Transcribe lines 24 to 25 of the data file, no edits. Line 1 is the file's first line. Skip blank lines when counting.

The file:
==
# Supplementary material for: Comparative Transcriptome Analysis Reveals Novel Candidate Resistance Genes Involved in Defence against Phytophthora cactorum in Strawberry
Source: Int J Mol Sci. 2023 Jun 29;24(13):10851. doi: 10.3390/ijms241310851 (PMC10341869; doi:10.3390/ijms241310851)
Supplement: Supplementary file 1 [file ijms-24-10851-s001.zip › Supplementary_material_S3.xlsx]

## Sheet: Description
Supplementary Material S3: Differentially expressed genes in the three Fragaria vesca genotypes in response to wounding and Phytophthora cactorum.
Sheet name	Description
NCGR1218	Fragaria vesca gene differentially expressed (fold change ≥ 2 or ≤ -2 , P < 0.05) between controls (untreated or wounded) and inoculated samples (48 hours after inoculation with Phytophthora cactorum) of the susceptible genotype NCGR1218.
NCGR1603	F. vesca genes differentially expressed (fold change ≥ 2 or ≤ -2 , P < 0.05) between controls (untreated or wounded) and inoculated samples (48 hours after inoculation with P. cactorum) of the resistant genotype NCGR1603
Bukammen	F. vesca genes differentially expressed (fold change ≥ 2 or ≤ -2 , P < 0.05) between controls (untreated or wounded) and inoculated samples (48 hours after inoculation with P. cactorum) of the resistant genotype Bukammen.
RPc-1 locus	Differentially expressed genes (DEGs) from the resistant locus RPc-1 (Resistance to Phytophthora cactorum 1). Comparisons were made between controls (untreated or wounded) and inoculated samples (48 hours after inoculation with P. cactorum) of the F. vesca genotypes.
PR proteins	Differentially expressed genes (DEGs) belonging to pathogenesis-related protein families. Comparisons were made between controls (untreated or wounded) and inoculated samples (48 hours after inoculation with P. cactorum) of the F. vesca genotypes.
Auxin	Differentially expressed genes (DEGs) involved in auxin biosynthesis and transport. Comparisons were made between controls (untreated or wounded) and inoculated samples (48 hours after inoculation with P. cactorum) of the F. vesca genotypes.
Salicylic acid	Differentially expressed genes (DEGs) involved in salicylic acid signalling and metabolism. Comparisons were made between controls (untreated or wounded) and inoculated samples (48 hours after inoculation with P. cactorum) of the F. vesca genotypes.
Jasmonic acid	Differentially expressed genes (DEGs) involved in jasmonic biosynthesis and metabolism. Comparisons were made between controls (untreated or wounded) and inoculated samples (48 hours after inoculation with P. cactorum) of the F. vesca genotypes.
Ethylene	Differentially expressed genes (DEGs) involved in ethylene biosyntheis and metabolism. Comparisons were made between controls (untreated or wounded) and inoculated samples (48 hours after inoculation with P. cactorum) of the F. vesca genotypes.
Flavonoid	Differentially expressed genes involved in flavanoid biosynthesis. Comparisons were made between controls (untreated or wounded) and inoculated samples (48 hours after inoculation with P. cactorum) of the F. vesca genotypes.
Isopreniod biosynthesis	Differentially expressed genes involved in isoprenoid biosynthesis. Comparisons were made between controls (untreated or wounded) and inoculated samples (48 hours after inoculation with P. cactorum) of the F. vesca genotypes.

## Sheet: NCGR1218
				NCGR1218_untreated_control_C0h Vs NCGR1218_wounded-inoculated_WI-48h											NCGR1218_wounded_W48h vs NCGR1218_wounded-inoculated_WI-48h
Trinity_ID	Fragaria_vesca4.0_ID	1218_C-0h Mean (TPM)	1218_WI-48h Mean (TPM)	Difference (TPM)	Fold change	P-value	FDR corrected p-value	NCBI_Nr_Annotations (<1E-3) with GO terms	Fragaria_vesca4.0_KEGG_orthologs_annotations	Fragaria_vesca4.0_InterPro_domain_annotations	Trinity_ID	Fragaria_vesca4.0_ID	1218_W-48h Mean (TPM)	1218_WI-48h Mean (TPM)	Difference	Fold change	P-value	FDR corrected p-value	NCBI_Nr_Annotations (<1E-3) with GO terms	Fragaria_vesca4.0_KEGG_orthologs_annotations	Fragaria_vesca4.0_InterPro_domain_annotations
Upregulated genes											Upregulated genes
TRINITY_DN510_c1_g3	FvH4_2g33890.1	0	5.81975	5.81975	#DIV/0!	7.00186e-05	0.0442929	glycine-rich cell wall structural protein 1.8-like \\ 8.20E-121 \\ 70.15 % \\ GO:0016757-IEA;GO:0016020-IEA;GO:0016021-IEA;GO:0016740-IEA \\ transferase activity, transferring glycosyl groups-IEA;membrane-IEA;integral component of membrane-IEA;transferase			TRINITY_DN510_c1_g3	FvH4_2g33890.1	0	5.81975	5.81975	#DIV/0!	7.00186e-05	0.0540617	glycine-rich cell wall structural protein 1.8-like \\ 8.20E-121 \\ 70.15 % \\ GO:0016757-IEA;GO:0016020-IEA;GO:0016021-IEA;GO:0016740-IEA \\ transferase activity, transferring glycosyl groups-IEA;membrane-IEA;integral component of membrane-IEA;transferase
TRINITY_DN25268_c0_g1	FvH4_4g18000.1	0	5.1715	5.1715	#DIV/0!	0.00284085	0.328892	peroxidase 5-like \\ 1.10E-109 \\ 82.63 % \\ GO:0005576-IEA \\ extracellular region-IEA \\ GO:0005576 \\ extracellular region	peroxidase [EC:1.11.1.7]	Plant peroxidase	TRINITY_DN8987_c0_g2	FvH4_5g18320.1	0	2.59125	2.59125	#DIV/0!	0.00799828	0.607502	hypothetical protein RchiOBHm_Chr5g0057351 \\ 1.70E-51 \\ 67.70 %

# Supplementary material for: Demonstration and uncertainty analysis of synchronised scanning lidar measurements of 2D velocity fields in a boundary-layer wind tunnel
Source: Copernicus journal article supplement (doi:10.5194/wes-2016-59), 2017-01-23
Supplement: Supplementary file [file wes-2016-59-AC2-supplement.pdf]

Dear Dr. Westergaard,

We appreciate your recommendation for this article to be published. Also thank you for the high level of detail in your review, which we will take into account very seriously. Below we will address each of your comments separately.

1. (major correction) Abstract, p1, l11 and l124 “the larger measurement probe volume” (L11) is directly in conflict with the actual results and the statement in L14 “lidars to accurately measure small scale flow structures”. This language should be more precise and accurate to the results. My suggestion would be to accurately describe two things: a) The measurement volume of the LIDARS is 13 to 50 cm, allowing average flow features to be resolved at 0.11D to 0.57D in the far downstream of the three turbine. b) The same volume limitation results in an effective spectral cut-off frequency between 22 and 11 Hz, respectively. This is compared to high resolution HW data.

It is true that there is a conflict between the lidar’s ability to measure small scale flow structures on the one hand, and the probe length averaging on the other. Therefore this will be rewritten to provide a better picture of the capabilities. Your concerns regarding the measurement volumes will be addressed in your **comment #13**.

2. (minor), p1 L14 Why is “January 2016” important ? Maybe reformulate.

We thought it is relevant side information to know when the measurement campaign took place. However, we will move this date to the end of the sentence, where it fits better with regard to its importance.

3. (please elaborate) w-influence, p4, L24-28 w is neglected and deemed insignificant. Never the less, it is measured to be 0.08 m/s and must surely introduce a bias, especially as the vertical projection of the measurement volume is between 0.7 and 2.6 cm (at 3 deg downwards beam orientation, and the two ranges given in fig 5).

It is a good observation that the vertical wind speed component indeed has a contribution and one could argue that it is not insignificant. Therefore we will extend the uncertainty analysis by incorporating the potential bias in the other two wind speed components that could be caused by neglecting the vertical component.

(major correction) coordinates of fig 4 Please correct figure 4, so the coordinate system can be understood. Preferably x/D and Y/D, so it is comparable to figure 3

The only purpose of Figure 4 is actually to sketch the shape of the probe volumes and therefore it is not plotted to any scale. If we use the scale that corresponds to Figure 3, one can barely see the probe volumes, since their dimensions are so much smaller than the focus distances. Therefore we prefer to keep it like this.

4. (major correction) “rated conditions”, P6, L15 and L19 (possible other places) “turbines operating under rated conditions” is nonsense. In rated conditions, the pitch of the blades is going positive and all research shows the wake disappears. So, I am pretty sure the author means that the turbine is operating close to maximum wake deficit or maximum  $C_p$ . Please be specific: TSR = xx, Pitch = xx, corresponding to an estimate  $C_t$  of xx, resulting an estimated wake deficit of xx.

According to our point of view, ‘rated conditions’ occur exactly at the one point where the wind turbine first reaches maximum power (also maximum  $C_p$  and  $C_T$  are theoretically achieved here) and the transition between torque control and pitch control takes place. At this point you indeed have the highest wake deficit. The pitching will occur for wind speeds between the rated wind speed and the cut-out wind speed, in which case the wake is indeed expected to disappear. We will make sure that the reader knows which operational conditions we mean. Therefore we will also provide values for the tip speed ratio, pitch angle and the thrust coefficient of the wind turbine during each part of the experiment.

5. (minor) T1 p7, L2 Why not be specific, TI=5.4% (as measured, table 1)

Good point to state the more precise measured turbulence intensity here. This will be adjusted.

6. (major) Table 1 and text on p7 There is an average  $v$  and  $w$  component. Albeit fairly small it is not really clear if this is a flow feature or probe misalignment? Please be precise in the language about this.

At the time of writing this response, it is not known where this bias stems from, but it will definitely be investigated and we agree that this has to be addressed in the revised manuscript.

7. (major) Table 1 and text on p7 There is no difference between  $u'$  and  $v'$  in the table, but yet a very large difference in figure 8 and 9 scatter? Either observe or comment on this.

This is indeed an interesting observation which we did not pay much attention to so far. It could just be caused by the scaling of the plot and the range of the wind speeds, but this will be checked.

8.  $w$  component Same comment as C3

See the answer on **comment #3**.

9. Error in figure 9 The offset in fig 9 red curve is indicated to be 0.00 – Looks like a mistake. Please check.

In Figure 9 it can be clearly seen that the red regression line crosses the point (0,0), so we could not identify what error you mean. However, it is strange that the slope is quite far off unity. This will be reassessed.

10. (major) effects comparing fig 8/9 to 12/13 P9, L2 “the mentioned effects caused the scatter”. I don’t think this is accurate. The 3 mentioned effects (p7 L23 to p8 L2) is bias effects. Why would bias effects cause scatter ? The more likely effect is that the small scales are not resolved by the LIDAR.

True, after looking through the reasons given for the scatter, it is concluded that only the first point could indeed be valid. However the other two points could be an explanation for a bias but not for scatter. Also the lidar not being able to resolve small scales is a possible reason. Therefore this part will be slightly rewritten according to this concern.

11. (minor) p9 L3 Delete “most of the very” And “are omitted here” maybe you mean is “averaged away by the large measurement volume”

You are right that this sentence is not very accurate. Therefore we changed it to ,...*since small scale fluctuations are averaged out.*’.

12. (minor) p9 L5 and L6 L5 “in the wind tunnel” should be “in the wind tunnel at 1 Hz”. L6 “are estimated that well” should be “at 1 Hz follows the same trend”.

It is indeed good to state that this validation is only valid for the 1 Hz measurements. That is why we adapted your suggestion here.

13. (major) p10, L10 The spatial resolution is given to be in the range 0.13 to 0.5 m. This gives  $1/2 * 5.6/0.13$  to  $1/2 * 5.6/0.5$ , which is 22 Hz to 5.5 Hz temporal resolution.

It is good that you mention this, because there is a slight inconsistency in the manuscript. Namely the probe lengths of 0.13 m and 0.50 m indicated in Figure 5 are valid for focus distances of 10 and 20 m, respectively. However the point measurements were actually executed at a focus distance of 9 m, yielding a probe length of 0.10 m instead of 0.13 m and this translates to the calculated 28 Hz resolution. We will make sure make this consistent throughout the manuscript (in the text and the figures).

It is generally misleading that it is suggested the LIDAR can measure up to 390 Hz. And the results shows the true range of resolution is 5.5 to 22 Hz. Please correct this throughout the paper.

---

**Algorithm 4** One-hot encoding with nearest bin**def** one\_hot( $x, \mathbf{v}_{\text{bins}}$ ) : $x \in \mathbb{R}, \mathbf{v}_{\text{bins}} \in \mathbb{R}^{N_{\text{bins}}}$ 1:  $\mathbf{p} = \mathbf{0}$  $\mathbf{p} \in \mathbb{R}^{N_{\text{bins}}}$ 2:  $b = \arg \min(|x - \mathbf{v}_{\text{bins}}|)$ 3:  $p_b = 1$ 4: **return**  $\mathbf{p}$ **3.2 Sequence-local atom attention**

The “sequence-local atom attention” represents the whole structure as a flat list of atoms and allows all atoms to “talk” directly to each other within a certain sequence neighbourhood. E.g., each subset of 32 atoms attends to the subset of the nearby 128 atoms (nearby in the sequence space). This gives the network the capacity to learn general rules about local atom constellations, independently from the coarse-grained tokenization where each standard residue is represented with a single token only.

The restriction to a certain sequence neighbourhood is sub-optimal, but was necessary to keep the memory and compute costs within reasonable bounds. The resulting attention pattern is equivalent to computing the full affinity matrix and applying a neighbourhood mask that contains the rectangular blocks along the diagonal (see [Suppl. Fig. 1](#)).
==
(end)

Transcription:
# Supplementary material for: Demonstration and uncertainty analysis of synchronised scanning lidar measurements of 2D velocity fields in a boundary-layer wind tunnel
Source: Copernicus journal article supplement (doi:10.5194/wes-2016-59), 2017-01-23